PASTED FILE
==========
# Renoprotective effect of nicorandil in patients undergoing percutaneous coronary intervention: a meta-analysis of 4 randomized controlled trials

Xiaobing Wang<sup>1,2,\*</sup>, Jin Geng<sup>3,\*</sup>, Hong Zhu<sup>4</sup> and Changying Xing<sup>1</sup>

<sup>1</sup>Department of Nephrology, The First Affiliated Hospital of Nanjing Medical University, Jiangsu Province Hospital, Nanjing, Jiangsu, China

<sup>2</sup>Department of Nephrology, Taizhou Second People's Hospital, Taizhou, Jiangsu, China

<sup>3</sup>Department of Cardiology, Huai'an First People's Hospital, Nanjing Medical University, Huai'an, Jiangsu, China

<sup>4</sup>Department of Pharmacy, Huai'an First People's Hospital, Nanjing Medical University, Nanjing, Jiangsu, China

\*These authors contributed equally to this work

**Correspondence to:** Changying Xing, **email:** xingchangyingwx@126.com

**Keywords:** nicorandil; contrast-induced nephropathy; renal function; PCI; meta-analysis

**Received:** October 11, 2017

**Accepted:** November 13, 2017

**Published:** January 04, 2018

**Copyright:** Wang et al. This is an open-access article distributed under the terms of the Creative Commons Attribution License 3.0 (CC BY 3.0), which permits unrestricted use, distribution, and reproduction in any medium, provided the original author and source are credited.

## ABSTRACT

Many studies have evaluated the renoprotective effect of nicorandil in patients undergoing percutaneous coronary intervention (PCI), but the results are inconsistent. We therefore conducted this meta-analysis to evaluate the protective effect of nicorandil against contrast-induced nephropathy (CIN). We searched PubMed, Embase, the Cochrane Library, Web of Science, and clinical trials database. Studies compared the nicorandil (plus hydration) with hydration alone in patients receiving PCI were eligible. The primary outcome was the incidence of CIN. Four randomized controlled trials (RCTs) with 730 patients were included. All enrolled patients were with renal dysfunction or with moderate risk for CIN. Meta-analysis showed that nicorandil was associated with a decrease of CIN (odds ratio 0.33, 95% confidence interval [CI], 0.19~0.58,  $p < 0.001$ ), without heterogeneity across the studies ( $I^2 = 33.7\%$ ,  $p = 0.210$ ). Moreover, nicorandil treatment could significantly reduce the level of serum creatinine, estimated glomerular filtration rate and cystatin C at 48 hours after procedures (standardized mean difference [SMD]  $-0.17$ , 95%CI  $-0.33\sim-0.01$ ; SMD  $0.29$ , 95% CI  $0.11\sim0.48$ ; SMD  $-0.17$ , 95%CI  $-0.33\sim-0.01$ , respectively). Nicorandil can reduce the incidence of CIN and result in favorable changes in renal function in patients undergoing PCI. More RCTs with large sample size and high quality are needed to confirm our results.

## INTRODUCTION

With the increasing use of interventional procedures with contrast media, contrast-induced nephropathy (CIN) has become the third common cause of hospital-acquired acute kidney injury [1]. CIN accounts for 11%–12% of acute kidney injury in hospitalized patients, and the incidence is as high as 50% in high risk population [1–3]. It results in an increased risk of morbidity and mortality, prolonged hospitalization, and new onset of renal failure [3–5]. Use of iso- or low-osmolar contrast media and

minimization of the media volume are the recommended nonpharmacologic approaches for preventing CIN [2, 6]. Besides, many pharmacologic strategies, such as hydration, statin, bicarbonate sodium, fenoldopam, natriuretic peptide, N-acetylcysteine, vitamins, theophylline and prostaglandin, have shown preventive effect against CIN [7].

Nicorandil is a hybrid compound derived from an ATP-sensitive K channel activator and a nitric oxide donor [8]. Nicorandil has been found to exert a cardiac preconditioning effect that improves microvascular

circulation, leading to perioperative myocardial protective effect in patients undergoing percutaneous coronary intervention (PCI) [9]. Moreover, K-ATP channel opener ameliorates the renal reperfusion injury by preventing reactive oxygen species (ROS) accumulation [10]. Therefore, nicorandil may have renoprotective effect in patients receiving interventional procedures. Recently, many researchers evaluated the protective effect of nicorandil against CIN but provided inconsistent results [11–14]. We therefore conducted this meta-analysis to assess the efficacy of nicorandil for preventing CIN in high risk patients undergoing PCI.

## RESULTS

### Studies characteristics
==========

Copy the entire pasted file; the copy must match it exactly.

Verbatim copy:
# Renoprotective effect of nicorandil in patients undergoing percutaneous coronary intervention: a meta-analysis of 4 randomized controlled trials

Xiaobing Wang<sup>1,2,\*</sup>, Jin Geng<sup>3,\*</sup>, Hong Zhu<sup>4</sup> and Changying Xing<sup>1</sup>

<sup>1</sup>Department of Nephrology, The First Affiliated Hospital of Nanjing Medical University, Jiangsu Province Hospital, Nanjing, Jiangsu, China

<sup>2</sup>Department of Nephrology, Taizhou Second People's Hospital, Taizhou, Jiangsu, China

<sup>3</sup>Department of Cardiology, Huai'an First People's Hospital, Nanjing Medical University, Huai'an, Jiangsu, China

<sup>4</sup>Department of Pharmacy, Huai'an First People's Hospital, Nanjing Medical University, Nanjing, Jiangsu, China

\*These authors contributed equally to this work

**Correspondence to:** Changying Xing, **email:** xingchangyingwx@126.com

**Keywords:** nicorandil; contrast-induced nephropathy; renal function; PCI; meta-analysis

**Received:** October 11, 2017

**Accepted:** November 13, 2017

**Published:** January 04, 2018

**Copyright:** Wang et al. This is an open-access article distributed under the terms of the Creative Commons Attribution License 3.0 (CC BY 3.0), which permits unrestricted use, distribution, and reproduction in any medium, provided the original author and source are credited.

## ABSTRACT

Many studies have evaluated the renoprotective effect of nicorandil in patients undergoing percutaneous coronary intervention (PCI), but the results are inconsistent. We therefore conducted this meta-analysis to evaluate the protective effect of nicorandil against contrast-induced nephropathy (CIN). We searched PubMed, Embase, the Cochrane Library, Web of Science, and clinical trials database. Studies compared the nicorandil (plus hydration) with hydration alone in patients receiving PCI were eligible. The primary outcome was the incidence of CIN. Four randomized controlled trials (RCTs) with 730 patients were included. All enrolled patients were with renal dysfunction or with moderate risk for CIN. Meta-analysis showed that nicorandil was associated with a decrease of CIN (odds ratio 0.33, 95% confidence interval [CI], 0.19~0.58,  $p < 0.001$ ), without heterogeneity across the studies ( $I^2 = 33.7\%$ ,  $p = 0.210$ ). Moreover, nicorandil treatment could significantly reduce the level of serum creatinine, estimated glomerular filtration rate and cystatin C at 48 hours after procedures (standardized mean difference [SMD]  $-0.17$ , 95%CI  $-0.33\sim-0.01$ ; SMD  $0.29$ , 95% CI  $0.11\sim0.48$ ; SMD  $-0.17$ , 95%CI  $-0.33\sim-0.01$ , respectively). Nicorandil can reduce the incidence of CIN and result in favorable changes in renal function in patients undergoing PCI. More RCTs with large sample size and high quality are needed to confirm our results.

## INTRODUCTION

With the increasing use of interventional procedures with contrast media, contrast-induced nephropathy (CIN) has become the third common cause of hospital-acquired acute kidney injury [1]. CIN accounts for 11%–12% of acute kidney injury in hospitalized patients, and the incidence is as high as 50% in high risk population [1–3]. It results in an increased risk of morbidity and mortality, prolonged hospitalization, and new onset of renal failure [3–5]. Use of iso- or low-osmolar contrast media and

minimization of the media volume are the recommended nonpharmacologic approaches for preventing CIN [2, 6]. Besides, many pharmacologic strategies, such as hydration, statin, bicarbonate sodium, fenoldopam, natriuretic peptide, N-acetylcysteine, vitamins, theophylline and prostaglandin, have shown preventive effect against CIN [7].

Nicorandil is a hybrid compound derived from an ATP-sensitive K channel activator and a nitric oxide donor [8]. Nicorandil has been found to exert a cardiac preconditioning effect that improves microvascular

circulation, leading to perioperative myocardial protective effect in patients undergoing percutaneous coronary intervention (PCI) [9]. Moreover, K-ATP channel opener ameliorates the renal reperfusion injury by preventing reactive oxygen species (ROS) accumulation [10]. Therefore, nicorandil may have renoprotective effect in patients receiving interventional procedures. Recently, many researchers evaluated the protective effect of nicorandil against CIN but provided inconsistent results [11–14]. We therefore conducted this meta-analysis to assess the efficacy of nicorandil for preventing CIN in high risk patients undergoing PCI.

## RESULTS

### Studies characteristics